Another scenario occurs when a symmetric key is transmitted while encrypted under a public key. Furthermore, a symmetric key may be received encrypted under a public key. These scenarios are more sensitive and are handled differently in the present invention. This stems from the fact that the adversary knows the public key (i.e., encryption key). This is different than the scenarios previously described in that, here, the adversary knows the key encryption key. The adversary can therefore generate an unlimited number of valid digital envelopes. Any key received in this fashion must not be stored among keys already stored, such as in a key database. In the present invention, keys received in this fashion are restricted for use only as session keys and used only to process data within that session and never stored in the database. These keys are prevented from being used to establish another session with a different user. This requirement can be relaxed for a known sender (e.g., users authenticated through digital signatures). The key control attributes of the present invention also provide for this flexibility through the identification of a trusted sender.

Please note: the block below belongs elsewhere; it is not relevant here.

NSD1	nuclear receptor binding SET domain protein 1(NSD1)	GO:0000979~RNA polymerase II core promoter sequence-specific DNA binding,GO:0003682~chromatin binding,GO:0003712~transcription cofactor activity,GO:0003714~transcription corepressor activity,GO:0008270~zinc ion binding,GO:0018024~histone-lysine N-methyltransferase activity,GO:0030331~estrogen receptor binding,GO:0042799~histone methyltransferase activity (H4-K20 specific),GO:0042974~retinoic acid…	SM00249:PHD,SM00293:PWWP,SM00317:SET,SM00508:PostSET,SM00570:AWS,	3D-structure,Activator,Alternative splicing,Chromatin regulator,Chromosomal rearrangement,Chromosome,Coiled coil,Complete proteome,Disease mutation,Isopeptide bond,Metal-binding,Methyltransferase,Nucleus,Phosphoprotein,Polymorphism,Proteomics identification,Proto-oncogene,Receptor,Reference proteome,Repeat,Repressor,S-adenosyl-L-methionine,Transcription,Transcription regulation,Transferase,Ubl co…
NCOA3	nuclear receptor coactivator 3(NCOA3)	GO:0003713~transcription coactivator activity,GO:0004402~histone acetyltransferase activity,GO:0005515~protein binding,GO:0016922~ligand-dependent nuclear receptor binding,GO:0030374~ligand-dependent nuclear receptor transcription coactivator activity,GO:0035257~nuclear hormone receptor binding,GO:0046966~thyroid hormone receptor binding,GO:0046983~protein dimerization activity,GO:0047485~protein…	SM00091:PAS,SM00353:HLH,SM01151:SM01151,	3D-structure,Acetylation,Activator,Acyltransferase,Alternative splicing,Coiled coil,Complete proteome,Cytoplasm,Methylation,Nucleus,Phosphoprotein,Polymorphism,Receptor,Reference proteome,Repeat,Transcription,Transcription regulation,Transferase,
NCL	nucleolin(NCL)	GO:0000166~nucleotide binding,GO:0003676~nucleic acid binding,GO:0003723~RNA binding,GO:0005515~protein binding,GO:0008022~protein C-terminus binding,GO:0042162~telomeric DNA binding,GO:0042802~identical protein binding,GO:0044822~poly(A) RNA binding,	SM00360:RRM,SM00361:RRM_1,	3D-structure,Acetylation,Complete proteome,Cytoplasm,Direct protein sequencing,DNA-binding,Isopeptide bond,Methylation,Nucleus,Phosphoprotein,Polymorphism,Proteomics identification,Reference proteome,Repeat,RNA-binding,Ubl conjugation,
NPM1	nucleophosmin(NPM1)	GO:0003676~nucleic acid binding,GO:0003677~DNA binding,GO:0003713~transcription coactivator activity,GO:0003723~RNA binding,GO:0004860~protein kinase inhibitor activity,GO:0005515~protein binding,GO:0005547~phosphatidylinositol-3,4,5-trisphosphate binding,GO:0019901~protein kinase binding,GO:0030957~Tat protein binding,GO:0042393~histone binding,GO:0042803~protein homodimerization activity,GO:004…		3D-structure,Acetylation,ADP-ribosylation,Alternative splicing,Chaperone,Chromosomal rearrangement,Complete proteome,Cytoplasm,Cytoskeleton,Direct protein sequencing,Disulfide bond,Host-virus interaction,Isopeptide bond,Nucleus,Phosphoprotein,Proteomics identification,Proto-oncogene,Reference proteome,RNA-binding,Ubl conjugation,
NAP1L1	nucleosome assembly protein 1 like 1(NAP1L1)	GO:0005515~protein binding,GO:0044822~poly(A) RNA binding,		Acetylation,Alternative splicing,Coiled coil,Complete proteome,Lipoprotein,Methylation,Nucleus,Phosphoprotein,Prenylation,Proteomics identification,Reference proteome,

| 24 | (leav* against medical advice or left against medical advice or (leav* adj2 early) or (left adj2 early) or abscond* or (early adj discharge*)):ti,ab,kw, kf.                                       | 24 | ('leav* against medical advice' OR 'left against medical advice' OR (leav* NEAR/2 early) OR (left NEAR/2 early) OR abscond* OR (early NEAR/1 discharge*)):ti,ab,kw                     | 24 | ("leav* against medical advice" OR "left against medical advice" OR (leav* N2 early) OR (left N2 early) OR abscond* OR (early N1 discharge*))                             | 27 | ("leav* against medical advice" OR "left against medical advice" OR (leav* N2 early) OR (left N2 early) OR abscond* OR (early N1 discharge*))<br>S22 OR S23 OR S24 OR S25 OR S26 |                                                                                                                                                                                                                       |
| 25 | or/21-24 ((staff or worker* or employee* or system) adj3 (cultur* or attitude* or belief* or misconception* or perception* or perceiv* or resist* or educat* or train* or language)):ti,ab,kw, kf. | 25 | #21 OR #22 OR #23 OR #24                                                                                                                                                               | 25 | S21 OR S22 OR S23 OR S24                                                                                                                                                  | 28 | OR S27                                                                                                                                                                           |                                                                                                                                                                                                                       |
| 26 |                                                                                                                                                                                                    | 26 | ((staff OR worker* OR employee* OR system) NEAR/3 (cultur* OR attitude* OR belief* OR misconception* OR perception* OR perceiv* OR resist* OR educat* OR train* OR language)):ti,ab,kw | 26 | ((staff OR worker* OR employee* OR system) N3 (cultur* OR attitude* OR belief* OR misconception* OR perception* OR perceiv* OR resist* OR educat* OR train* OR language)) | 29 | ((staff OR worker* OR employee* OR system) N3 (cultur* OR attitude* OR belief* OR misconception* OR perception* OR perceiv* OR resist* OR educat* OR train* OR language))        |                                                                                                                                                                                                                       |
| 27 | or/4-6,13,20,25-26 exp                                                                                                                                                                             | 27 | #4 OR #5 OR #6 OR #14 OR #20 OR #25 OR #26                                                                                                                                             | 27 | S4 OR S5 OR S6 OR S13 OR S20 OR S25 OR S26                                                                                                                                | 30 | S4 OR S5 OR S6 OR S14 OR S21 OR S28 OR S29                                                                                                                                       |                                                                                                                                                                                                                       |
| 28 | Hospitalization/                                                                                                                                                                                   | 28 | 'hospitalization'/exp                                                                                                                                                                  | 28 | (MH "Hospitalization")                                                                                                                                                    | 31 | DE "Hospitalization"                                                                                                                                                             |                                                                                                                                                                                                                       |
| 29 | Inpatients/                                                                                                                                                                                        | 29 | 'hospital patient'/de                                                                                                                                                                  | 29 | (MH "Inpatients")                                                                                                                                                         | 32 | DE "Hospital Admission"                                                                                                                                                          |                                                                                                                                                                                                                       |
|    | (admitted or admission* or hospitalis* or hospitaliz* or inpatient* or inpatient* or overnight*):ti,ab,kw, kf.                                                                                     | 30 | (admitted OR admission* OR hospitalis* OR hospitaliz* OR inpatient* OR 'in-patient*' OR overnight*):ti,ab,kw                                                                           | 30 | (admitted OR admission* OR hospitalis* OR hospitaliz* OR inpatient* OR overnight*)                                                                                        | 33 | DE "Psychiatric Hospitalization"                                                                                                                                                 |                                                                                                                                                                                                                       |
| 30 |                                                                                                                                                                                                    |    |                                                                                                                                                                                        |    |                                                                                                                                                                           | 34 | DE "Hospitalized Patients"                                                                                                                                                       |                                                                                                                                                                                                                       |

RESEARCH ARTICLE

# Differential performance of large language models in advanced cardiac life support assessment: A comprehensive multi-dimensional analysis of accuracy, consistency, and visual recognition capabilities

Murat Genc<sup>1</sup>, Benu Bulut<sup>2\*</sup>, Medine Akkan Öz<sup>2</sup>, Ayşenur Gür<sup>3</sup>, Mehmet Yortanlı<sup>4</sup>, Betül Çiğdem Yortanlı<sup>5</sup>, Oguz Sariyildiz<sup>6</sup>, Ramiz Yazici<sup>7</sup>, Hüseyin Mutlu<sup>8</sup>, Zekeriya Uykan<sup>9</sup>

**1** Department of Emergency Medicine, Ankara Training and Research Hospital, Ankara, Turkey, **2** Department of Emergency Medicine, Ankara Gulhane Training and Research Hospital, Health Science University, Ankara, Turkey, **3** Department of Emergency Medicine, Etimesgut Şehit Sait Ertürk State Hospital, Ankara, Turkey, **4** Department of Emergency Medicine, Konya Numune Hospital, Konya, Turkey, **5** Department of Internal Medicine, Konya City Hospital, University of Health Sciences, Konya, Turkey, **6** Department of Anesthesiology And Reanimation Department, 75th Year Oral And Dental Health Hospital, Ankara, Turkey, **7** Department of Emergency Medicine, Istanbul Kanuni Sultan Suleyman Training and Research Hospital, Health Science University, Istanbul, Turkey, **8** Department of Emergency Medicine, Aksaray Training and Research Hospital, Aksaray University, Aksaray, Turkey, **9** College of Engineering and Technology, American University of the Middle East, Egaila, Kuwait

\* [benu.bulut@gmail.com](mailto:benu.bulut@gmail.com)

An implemented security policy may dictate that clear text working keys or key exchange keys must not be imported or exported. For example, uncontrolled import of clear keys will generally allow wholesale attacks against all other keys in the system. In some sense, the import of a clear key is more insidious than the ability to export clear keys. The impact of exporting a clear key is obvious. Importing a symmetric key encrypted under a public key (e.g., a digital envelope) without the additional control of a signature or MAC key is no more secure than importing a clear key. The key control attributes of the present invention provide for the proper handling of clear text and key exchange keys through their identification and, in turn, proper handling.